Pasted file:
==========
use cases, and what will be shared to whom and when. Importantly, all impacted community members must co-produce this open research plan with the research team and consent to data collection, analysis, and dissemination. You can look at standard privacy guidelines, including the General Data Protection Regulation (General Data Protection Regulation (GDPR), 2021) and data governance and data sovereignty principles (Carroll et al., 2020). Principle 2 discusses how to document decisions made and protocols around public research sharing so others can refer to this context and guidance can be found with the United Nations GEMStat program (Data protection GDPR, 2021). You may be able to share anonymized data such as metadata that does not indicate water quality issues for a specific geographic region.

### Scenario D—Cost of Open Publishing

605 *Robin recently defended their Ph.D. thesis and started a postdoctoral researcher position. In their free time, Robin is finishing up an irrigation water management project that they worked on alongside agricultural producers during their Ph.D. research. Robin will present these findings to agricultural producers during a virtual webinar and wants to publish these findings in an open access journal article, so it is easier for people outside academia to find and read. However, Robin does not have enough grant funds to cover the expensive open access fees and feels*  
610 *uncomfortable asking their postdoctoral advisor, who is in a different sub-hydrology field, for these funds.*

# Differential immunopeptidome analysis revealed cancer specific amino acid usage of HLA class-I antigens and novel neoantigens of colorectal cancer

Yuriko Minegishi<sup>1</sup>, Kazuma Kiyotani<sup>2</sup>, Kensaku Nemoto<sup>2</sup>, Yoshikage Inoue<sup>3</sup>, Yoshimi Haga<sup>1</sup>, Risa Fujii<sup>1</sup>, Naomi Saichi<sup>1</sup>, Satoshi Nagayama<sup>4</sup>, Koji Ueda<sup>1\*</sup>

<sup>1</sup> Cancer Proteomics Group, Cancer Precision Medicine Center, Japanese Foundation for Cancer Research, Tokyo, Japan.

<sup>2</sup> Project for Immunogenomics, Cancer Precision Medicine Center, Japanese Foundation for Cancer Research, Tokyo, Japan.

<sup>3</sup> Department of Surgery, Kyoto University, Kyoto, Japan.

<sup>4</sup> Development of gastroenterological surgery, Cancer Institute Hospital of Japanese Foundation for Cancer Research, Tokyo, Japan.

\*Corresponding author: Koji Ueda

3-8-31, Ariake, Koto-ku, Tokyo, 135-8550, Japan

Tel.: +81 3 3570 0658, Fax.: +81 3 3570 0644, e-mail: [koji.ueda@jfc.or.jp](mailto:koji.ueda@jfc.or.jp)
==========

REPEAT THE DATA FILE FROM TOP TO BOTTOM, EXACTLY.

use cases, and what will be shared to whom and when. Importantly, all impacted community members must co-produce this open research plan with the research team and consent to data collection, analysis, and dissemination. You can look at standard privacy guidelines, including the General Data Protection Regulation (General Data Protection Regulation (GDPR), 2021) and data governance and data sovereignty principles (Carroll et al., 2020). Principle 2 discusses how to document decisions made and protocols around public research sharing so others can refer to this context and guidance can be found with the United Nations GEMStat program (Data protection GDPR, 2021). You may be able to share anonymized data such as metadata that does not indicate water quality issues for a specific geographic region.

### Scenario D—Cost of Open Publishing

605 *Robin recently defended their Ph.D. thesis and started a postdoctoral researcher position. In their free time, Robin is finishing up an irrigation water management project that they worked on alongside agricultural producers during their Ph.D. research. Robin will present these findings to agricultural producers during a virtual webinar and wants to publish these findings in an open access journal article, so it is easier for people outside academia to find and read. However, Robin does not have enough grant funds to cover the expensive open access fees and feels*  
610 *uncomfortable asking their postdoctoral advisor, who is in a different sub-hydrology field, for these funds.*

# Differential immunopeptidome analysis revealed cancer specific amino acid usage of HLA class-I antigens and novel neoantigens of colorectal cancer

Yuriko Minegishi<sup>1</sup>, Kazuma Kiyotani<sup>2</sup>, Kensaku Nemoto<sup>2</sup>, Yoshikage Inoue<sup>3</sup>, Yoshimi Haga<sup>1</sup>, Risa Fujii<sup>1</sup>, Naomi Saichi<sup>1</sup>, Satoshi Nagayama<sup>4</sup>, Koji Ueda<sup>1\*</sup>

<sup>1</sup> Cancer Proteomics Group, Cancer Precision Medicine Center, Japanese Foundation for Cancer Research, Tokyo, Japan.

<sup>2</sup> Project for Immunogenomics, Cancer Precision Medicine Center, Japanese Foundation for Cancer Research, Tokyo, Japan.

<sup>3</sup> Department of Surgery, Kyoto University, Kyoto, Japan.

<sup>4</sup> Development of gastroenterological surgery, Cancer Institute Hospital of Japanese Foundation for Cancer Research, Tokyo, Japan.

\*Corresponding author: Koji Ueda

3-8-31, Ariake, Koto-ku, Tokyo, 135-8550, Japan

Tel.: +81 3 3570 0658, Fax.: +81 3 3570 0644, e-mail: [koji.ueda@jfc.or.jp](mailto:koji.ueda@jfc.or.jp)